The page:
CO2 gas lasers still dominate sheet metal cutting, but they aren’t the only game in town anymore. Solid-state lasers like the fiber and disk varieties--which use diode lasers to pump, or excite, the lasing medium--continue to have considerable market success. And now fabricators may have a new type of solid-state system to consider for sheet metal cutting: the direct-diode laser.
Not too long ago, cutting most sheet metal gauges efficiently with a direct-diode laser seemed like a far-fetched concept, and for good reason. Historically direct-diode lasers haven’t had adequate beam quality to do the job. That’s because there has always been a trade-off between high power and high beam quality. In a direct-diode setup, you couldn’t have both.
“If you look at an individual diode laser emitter, it actually has the highest beam quality you may ever need, but you need to gang a large number of diodes together to get the powers you need to cut sheet metal. But if you have lasers with the same type of wavelength, [in a direct-diode arrangement] you previously couldn’t combine them to have the same amount of overlap in space and direction. So you ended up with a poor-quality beam that could not be used for efficient sheet metal cutting.”
So said Parviz Tayebati, CEO of TeraDiode, Littleton, Mass. The company is working on a decade-old concept that could bring a high-power direct-diode laser into the sheet metal cutting arena.
In the early 2000s three researchers at MIT’s Lincoln Laboratory--Dr. Tso Yee Fan, Dr. Antonio Sanchez-Rubio, and Dr. Bien Chann--were conducting research for the Defense Department, which wanted a way to make very efficient, high-powered lasers. The three, aided by Dr. Robin Huang, developed a direct-diode laser concept that uses what’s called wavelength beam combining, or WBC. In 2009 Chann and Huang left Lincoln Laboratory and launched TeraDiode to commercialize the technology.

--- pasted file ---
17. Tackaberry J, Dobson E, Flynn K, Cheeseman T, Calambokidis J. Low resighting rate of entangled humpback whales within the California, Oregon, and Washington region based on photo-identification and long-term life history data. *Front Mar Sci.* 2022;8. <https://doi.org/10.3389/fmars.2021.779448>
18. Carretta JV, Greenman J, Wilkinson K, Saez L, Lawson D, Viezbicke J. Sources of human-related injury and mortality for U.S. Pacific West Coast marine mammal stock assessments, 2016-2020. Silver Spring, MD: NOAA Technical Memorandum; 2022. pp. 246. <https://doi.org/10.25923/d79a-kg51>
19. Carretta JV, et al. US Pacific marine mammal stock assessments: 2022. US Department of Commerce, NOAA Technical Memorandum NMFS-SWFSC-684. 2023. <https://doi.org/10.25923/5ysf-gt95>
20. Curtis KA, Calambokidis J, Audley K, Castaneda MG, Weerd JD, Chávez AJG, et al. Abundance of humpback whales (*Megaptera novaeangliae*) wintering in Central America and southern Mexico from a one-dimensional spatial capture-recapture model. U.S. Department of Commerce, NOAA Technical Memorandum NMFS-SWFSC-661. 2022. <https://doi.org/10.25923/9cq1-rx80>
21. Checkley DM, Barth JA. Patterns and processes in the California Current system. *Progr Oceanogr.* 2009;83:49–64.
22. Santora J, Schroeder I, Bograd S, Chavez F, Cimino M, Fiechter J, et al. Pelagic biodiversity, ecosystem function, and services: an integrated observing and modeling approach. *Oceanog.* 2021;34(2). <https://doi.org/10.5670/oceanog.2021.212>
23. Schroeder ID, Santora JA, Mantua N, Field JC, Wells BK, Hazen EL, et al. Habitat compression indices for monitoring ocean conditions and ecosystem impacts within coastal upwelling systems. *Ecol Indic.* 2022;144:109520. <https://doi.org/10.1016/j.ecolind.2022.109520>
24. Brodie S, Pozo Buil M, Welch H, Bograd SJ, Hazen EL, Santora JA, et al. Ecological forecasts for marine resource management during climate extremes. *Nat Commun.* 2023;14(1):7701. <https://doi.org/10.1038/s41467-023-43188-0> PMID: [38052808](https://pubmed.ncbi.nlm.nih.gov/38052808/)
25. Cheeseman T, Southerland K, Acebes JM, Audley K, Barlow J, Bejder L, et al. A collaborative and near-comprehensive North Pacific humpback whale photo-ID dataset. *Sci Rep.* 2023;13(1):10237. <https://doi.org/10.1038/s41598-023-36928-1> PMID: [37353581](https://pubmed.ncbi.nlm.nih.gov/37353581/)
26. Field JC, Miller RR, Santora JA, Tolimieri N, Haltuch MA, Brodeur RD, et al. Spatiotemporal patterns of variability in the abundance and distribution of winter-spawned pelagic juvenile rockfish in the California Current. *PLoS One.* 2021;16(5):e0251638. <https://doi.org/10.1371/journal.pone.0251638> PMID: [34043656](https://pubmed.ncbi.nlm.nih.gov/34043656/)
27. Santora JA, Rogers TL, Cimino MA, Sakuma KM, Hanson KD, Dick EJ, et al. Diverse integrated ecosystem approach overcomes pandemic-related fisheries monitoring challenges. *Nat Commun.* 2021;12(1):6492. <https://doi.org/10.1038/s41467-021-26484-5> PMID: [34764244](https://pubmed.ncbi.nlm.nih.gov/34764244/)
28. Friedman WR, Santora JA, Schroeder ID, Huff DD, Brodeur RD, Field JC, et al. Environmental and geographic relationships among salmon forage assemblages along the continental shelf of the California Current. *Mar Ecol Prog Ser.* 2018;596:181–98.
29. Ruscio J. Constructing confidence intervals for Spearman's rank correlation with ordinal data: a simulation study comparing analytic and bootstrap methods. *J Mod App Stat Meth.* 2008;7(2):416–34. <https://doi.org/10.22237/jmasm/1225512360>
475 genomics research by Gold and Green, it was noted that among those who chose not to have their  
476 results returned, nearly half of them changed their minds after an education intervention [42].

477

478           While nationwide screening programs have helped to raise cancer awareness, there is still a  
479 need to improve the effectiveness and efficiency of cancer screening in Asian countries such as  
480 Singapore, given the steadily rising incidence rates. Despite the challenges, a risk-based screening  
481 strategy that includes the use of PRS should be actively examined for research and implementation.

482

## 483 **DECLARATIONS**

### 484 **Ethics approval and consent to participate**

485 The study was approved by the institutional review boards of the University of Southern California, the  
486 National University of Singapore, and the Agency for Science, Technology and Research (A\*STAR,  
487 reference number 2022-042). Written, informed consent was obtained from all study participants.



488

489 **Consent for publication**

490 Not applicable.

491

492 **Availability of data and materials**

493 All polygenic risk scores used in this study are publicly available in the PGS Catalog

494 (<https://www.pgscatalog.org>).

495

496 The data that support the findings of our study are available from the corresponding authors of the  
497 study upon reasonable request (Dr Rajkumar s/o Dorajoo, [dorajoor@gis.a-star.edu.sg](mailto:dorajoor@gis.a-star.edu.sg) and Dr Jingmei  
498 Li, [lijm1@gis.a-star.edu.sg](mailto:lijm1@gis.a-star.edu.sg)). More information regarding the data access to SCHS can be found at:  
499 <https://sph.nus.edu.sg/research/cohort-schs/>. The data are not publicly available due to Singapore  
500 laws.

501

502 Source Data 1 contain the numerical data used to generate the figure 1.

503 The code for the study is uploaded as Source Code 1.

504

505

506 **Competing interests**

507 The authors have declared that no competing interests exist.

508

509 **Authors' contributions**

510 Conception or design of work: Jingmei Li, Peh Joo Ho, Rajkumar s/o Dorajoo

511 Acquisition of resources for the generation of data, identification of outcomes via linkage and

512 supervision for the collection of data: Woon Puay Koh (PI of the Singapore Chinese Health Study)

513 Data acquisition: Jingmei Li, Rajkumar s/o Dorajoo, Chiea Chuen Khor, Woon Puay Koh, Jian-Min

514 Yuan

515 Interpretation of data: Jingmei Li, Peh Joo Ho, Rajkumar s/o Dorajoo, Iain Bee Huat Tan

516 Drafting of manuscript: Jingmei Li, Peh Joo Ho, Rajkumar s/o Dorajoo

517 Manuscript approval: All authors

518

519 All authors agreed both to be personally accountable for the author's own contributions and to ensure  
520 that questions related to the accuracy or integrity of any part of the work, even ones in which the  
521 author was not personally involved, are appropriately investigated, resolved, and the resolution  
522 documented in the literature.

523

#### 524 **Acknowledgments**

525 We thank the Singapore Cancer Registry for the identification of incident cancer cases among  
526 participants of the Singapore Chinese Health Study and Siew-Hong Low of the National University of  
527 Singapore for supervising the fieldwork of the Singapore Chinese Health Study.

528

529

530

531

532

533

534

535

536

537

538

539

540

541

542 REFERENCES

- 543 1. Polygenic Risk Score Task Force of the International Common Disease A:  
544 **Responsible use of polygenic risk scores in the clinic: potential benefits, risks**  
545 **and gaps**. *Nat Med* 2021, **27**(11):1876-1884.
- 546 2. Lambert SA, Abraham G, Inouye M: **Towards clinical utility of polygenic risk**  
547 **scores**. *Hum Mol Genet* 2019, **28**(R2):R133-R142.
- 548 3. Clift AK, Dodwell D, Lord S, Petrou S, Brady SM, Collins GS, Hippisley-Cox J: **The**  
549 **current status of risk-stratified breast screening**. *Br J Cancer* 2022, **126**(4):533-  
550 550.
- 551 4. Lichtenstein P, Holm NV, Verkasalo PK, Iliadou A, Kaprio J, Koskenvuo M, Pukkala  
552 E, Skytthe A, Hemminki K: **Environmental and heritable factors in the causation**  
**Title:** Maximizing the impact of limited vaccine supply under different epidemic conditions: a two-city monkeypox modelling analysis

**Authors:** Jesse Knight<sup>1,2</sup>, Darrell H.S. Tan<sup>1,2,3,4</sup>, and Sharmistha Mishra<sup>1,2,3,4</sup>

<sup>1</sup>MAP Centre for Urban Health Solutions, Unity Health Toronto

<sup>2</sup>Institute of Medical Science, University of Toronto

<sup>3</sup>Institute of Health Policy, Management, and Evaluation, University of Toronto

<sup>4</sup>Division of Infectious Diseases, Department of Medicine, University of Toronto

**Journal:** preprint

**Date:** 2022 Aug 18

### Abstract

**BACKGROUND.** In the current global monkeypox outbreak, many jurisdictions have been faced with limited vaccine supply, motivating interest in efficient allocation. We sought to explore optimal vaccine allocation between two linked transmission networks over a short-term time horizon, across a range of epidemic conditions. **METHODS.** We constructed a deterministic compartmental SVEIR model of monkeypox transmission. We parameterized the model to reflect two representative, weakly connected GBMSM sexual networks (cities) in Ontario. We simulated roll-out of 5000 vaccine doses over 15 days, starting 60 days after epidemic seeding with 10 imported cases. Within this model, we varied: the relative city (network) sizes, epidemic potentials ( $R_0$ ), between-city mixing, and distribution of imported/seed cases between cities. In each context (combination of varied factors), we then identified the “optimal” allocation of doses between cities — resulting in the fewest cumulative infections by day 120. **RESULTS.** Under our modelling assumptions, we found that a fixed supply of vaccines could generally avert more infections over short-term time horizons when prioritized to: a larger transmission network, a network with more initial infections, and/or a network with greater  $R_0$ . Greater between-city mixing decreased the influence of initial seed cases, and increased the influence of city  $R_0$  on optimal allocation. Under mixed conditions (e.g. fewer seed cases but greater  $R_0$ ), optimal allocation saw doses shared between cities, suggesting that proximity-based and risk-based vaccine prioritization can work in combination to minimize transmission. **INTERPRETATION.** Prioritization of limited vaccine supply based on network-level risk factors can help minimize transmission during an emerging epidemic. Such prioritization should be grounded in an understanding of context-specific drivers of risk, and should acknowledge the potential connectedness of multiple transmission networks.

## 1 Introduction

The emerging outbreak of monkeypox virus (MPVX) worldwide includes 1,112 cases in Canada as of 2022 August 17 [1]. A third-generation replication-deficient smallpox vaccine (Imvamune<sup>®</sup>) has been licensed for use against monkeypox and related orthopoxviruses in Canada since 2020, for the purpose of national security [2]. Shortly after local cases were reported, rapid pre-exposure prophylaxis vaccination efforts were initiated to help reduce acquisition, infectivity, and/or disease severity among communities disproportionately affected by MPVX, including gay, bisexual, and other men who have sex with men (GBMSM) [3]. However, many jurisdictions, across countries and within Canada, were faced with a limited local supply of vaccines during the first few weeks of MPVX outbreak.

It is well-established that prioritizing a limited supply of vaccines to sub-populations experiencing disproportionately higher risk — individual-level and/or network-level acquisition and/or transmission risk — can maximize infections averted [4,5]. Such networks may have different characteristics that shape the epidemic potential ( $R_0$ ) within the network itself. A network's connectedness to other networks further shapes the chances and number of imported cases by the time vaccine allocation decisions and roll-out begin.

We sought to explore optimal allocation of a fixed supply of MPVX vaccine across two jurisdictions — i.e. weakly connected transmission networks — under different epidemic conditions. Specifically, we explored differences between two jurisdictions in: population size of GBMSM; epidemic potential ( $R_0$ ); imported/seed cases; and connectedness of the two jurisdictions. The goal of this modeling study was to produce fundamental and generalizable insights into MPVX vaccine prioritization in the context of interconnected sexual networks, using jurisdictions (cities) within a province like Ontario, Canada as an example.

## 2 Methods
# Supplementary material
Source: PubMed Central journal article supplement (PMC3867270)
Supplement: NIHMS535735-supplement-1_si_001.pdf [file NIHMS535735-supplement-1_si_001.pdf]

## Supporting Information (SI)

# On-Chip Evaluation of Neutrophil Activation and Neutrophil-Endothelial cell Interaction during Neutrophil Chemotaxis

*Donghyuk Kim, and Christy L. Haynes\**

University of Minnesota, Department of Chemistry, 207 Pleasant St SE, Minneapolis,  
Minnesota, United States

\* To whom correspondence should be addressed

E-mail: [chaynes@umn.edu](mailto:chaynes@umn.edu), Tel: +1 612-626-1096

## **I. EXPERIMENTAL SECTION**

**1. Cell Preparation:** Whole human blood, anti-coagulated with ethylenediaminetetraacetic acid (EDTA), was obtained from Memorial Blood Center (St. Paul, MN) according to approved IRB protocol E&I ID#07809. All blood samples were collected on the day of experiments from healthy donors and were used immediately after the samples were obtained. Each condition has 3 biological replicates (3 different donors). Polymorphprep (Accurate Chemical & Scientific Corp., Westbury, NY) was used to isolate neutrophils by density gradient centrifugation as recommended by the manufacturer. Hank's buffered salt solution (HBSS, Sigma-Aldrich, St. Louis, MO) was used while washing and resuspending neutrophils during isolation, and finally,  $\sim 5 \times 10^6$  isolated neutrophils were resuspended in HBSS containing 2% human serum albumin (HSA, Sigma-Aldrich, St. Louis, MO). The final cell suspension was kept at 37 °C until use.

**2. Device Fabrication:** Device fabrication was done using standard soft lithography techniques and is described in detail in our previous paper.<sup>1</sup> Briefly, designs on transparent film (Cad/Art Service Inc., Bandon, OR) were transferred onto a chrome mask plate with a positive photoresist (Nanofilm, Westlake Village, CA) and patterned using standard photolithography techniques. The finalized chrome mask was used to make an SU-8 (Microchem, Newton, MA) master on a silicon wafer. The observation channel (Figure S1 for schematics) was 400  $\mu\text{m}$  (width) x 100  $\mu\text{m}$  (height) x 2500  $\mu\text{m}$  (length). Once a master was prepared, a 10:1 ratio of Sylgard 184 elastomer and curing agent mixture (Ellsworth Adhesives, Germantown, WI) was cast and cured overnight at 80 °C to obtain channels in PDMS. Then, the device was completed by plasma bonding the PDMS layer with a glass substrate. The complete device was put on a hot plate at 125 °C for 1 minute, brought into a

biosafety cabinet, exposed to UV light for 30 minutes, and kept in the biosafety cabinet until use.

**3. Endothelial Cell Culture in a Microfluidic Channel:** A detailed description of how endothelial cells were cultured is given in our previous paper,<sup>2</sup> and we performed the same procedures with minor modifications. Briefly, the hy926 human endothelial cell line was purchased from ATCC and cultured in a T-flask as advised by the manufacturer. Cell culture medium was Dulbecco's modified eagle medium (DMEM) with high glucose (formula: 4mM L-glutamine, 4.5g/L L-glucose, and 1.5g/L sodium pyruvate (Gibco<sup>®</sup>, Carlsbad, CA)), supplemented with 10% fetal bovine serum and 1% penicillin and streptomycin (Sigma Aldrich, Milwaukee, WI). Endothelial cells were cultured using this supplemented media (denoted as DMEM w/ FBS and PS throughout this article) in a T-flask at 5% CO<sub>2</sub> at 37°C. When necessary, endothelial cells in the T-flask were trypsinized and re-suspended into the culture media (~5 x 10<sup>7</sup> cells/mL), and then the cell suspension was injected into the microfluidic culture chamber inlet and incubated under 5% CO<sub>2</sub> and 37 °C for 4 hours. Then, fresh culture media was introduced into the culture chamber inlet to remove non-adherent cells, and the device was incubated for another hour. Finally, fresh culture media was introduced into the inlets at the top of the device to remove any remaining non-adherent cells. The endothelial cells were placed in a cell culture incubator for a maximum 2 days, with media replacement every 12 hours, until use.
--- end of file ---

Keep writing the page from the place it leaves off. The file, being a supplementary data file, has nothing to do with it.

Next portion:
In a traditional direct-diode setup, the beam quality degrades when you combine beams. This happens because when identical wavelengths combine, they don’t travel in the same direction or merge neatly to produce a small spot size. In low-powered direct-diode systems, this degradation is relatively minor, but it becomes more significant as more diodes are ganged together for more power.
The Lincoln Laboratory scientists took a different approach. Diode lasers with identical wavelengths don’t combine well, but what if each diode emitter had a slightly different wavelength? And what if these diode emitters (specifically, an array on a diode bar) were placed at just the right distance from a diffraction grating, a device that splits and diffracts light? If placed properly, the diffraction grating, along with a lens and a partially reflective mirror, could take this energy from these diode laser emitters and produce one very powerful and consistent laser beam. Essentially, the system combines the similar but slightly different wavelength beams from an array of diodes into one powerful beam with waves going the same direction and to the same spot.